The Best We Could Do – Thi Bui

Triggered by the birth of her first child, Thi Bui tells the story of her parents emigrating to the USA, intertwined with the history of Vietnam. Through it she begins to understand the experiences which shaped her parents and herself. Compelling and beautifully illustrated.

The Book of Joan – Lidia Yuknavitch

Christine Pizan is in her final year on CIEL and she’s planning to go out in spectacular style. She’s creating a skin graft telling the true story of Joan of Dirt, a story which has been outlawed by CEIL’s ruler, Jean de Men. Fierce, feminist and concerned with climate change, I’m still reeling from The Book of Joan ten months later. My full review is here.

To Throw Away Unopened – Viv Albertine

Viv Albertine’s second memoir is more personal than her first and all the better for it. Alongside the end of her marriage and her foray into dating again, she reconsiders her upbringing after the death of her father and the discovery of a bag of documents previously unseen. This is also considered alongside the death of her mother, which is detailed gradually as the book progresses and also her relationship with her sister which culminates in an unforgettable scene at their mother’s hospital bed. A powerful look at family stories and relationships and the impact they have on women.

The Silence of the Girls – Pat Barker

Another discovery thanks to Manchester Literature Festival. Pat Barker’s retelling of The Iliad focuses on Briseis, largely telling the tale from her perspective. It’s brutal and brash, showing the men for spoilt, squabbling brats while giving women a voice in one of the oldest stories in literature. My full review is here.

Melmoth – Sarah Perry

Melmoth is condemned to wander the world, watching and collecting those of us who’ve been complicit in acts of harm. While Helen Franklin discovers the various accounts of Melmoth, Perry uses them as a vehicle to bear witness to atrocities from the Holocaust to the violent deportation of immigrants, forcing the reader to question their complicity. Compelling and uncomfortable reading. My mini-review is here.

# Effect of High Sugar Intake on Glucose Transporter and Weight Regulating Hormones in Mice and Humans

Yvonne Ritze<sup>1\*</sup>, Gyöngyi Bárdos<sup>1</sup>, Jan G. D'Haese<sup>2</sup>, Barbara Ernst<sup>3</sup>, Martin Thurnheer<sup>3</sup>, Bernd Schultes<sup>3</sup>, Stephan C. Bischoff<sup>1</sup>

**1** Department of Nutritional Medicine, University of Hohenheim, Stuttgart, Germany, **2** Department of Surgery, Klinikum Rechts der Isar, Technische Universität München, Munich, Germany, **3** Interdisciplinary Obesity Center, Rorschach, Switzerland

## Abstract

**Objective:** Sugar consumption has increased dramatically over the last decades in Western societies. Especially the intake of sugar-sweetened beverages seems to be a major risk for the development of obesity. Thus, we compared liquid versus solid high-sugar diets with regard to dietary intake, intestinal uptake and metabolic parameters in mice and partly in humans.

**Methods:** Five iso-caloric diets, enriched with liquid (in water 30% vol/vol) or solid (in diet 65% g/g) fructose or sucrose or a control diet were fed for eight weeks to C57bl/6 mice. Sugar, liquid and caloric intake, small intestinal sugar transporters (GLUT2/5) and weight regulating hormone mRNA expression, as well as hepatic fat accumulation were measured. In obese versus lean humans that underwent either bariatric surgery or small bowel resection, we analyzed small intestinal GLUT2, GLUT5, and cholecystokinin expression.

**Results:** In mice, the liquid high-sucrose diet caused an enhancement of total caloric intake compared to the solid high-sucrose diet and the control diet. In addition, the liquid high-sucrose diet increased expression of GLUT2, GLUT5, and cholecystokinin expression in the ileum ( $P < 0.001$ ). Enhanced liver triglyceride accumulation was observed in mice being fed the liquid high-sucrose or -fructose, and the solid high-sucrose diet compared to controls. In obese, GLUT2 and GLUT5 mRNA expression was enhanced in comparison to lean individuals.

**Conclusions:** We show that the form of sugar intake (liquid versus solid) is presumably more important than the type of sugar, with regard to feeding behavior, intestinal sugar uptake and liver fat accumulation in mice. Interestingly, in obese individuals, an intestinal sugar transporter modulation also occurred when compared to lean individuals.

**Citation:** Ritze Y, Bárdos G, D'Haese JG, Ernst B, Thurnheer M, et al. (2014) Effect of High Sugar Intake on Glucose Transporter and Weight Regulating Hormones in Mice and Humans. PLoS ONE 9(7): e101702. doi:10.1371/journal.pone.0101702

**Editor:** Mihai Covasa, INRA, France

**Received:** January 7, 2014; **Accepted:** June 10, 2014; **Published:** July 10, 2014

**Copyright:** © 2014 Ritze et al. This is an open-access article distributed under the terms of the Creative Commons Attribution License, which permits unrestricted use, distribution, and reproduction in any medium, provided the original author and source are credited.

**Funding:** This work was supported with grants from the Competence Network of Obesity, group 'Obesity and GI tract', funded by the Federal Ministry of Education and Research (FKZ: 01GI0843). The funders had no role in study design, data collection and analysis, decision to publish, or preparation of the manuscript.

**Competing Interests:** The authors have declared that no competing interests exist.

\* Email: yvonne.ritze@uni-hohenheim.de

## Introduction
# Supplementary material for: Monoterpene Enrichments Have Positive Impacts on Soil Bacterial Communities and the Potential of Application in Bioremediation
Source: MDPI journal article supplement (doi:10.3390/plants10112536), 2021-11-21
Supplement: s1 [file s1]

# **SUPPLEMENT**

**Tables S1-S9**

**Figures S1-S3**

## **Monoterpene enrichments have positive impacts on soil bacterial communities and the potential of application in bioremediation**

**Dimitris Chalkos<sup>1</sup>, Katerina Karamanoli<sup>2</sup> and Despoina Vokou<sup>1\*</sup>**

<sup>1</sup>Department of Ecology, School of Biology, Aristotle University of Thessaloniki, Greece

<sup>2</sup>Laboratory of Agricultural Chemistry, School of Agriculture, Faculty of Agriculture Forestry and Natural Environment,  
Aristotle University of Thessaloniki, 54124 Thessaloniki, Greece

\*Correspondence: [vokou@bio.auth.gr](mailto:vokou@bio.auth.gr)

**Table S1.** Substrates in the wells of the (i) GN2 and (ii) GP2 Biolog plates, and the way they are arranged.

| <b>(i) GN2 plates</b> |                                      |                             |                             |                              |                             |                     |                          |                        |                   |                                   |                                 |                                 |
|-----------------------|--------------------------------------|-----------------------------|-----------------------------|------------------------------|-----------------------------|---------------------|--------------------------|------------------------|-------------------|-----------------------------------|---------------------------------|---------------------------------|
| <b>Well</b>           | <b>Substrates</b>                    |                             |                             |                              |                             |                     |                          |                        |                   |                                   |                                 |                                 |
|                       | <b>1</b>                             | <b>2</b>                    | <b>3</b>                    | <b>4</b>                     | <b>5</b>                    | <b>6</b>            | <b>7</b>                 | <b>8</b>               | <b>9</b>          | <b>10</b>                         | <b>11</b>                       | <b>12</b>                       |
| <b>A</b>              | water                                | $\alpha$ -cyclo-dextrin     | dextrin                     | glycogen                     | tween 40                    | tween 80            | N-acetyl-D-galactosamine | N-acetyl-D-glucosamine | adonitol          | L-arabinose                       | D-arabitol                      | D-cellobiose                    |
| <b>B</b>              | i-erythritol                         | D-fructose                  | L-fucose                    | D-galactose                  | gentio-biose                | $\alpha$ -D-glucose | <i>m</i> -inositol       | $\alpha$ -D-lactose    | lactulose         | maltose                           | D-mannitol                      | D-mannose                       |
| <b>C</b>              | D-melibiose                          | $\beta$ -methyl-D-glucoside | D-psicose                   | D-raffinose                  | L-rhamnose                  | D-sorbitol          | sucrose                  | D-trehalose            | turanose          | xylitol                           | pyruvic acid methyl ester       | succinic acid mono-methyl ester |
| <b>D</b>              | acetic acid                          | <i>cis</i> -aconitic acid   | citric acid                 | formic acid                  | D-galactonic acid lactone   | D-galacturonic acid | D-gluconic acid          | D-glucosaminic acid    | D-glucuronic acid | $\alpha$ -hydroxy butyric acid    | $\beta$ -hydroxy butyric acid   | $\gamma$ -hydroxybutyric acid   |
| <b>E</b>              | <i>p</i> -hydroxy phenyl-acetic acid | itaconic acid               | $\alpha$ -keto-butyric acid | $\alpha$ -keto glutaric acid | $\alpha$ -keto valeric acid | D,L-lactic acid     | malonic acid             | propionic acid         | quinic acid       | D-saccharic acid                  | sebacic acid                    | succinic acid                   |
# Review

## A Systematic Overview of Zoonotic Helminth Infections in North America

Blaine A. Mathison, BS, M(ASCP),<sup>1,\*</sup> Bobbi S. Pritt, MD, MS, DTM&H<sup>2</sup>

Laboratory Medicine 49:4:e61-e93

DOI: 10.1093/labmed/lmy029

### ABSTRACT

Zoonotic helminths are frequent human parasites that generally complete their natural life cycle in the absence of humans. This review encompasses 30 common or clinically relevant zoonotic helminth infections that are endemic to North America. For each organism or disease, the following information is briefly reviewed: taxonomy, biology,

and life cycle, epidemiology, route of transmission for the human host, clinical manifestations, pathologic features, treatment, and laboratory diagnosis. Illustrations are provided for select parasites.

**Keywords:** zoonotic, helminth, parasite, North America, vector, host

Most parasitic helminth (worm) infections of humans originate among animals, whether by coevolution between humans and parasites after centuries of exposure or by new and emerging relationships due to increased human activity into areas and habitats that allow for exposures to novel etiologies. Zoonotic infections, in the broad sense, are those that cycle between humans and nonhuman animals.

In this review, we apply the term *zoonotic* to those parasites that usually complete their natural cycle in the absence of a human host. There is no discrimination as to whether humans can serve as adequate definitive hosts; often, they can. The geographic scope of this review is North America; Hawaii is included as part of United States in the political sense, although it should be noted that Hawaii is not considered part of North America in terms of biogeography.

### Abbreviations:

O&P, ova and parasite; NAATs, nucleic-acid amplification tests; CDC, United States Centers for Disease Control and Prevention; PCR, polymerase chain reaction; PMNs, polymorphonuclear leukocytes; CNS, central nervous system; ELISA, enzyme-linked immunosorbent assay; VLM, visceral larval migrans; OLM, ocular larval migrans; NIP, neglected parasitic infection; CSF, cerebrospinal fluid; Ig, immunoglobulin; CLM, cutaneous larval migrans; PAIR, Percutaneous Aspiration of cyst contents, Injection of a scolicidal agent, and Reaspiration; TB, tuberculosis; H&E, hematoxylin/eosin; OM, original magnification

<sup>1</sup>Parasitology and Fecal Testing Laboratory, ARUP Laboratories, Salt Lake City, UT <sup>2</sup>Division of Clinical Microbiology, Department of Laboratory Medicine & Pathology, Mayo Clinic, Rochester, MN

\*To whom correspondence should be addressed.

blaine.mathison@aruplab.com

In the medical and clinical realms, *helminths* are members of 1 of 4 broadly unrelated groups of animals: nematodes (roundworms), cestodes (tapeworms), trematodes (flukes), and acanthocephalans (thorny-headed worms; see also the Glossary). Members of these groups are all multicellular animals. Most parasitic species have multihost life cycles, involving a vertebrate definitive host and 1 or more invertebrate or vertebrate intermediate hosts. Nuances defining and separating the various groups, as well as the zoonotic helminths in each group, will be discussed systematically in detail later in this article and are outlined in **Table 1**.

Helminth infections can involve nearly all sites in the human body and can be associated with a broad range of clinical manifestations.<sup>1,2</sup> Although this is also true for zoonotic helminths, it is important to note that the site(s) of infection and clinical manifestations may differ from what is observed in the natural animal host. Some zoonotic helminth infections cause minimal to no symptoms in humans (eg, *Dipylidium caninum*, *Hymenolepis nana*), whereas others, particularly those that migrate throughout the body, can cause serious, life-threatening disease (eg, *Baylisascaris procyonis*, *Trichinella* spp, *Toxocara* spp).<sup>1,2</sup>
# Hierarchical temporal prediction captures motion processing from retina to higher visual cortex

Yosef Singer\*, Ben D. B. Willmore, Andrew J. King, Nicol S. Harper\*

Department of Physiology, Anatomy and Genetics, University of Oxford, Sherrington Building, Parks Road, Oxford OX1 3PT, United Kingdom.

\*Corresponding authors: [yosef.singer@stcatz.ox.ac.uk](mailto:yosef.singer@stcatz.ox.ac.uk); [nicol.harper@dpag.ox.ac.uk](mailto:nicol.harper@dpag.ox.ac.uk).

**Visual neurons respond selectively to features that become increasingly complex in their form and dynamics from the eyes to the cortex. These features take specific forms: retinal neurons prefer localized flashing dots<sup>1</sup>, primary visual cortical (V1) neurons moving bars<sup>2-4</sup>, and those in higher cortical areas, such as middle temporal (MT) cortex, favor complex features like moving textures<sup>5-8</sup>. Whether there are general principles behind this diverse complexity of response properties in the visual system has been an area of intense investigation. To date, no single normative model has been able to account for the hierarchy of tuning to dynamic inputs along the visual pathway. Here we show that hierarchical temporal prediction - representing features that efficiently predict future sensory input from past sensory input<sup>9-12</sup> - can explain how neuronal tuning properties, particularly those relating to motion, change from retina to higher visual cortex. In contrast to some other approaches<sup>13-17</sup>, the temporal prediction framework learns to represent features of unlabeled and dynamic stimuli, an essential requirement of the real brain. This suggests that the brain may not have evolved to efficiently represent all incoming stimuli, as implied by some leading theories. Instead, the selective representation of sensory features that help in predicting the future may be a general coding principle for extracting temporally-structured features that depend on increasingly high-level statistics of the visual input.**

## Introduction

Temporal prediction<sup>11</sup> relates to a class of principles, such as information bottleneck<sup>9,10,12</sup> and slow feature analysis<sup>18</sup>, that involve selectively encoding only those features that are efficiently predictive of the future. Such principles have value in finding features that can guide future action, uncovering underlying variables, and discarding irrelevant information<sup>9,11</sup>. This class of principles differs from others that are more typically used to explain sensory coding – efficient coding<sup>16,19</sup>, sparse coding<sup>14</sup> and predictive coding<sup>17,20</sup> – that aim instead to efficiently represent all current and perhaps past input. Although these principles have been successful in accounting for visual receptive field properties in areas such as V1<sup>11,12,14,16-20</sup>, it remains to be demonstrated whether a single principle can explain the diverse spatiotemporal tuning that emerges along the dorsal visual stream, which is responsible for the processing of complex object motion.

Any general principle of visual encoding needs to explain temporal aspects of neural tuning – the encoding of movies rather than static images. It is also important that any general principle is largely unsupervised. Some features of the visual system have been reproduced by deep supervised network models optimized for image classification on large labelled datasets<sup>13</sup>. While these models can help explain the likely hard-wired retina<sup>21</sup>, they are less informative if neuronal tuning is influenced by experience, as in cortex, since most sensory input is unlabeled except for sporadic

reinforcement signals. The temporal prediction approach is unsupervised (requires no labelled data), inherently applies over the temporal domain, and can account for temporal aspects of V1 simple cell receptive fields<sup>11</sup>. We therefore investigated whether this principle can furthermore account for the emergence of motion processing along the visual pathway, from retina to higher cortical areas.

Sight – Jessie Greengrass

There was a spate of books considering motherhood this year, Sight was one of the best. The narrator documents her thinking about whether or not she should become a parent alongside her memories of her grandmother, a psychoanalyst; the death of her mother, and medical developments including the creation of the X-ray. Clever and exquisitely written.

The Incendiaries – R.O. Kwon

Phoebe Lin, a student at an elite NY university, is drawn into a cult intent on committing a terrorist act. Outsider, Will Kendall becomes close to Phoebe and, following her disappearance, tells the story of their relationship and what he knows about cult leader, John Leal. Compelling.

Places I Stopped on the Way Home – Meg Fee

Sometimes you read a book at the perfect time and Places I Stopped on the Way Home was one of them. Fee writes about her time in NYC, dating, living in shared houses, managing her recovery from an eating disorder, and what she learned about how to live. I underlined a lot. My review is here.

Snap – Belinda Bauer

In the first chapter of Snap, Jack and his sisters are left in the family car, on the hard shoulder of the motorway, as their mum goes to telephone for help. She never returns. It seems as though this is going to be a straight psychological thriller until chapter two jumps three years. Now Jack and his siblings live alone, the police are investigating a cat burglar they’ve called Goldilocks and pregnant Catherine has found a knife and a threatening note next to her bed. This is crime if it was written by Kate Atkinson and Lissa Evans; it’s about people not being who you think they are and what family will do to protect each other. It’s also very funny. I stayed up late to finish it in one sitting.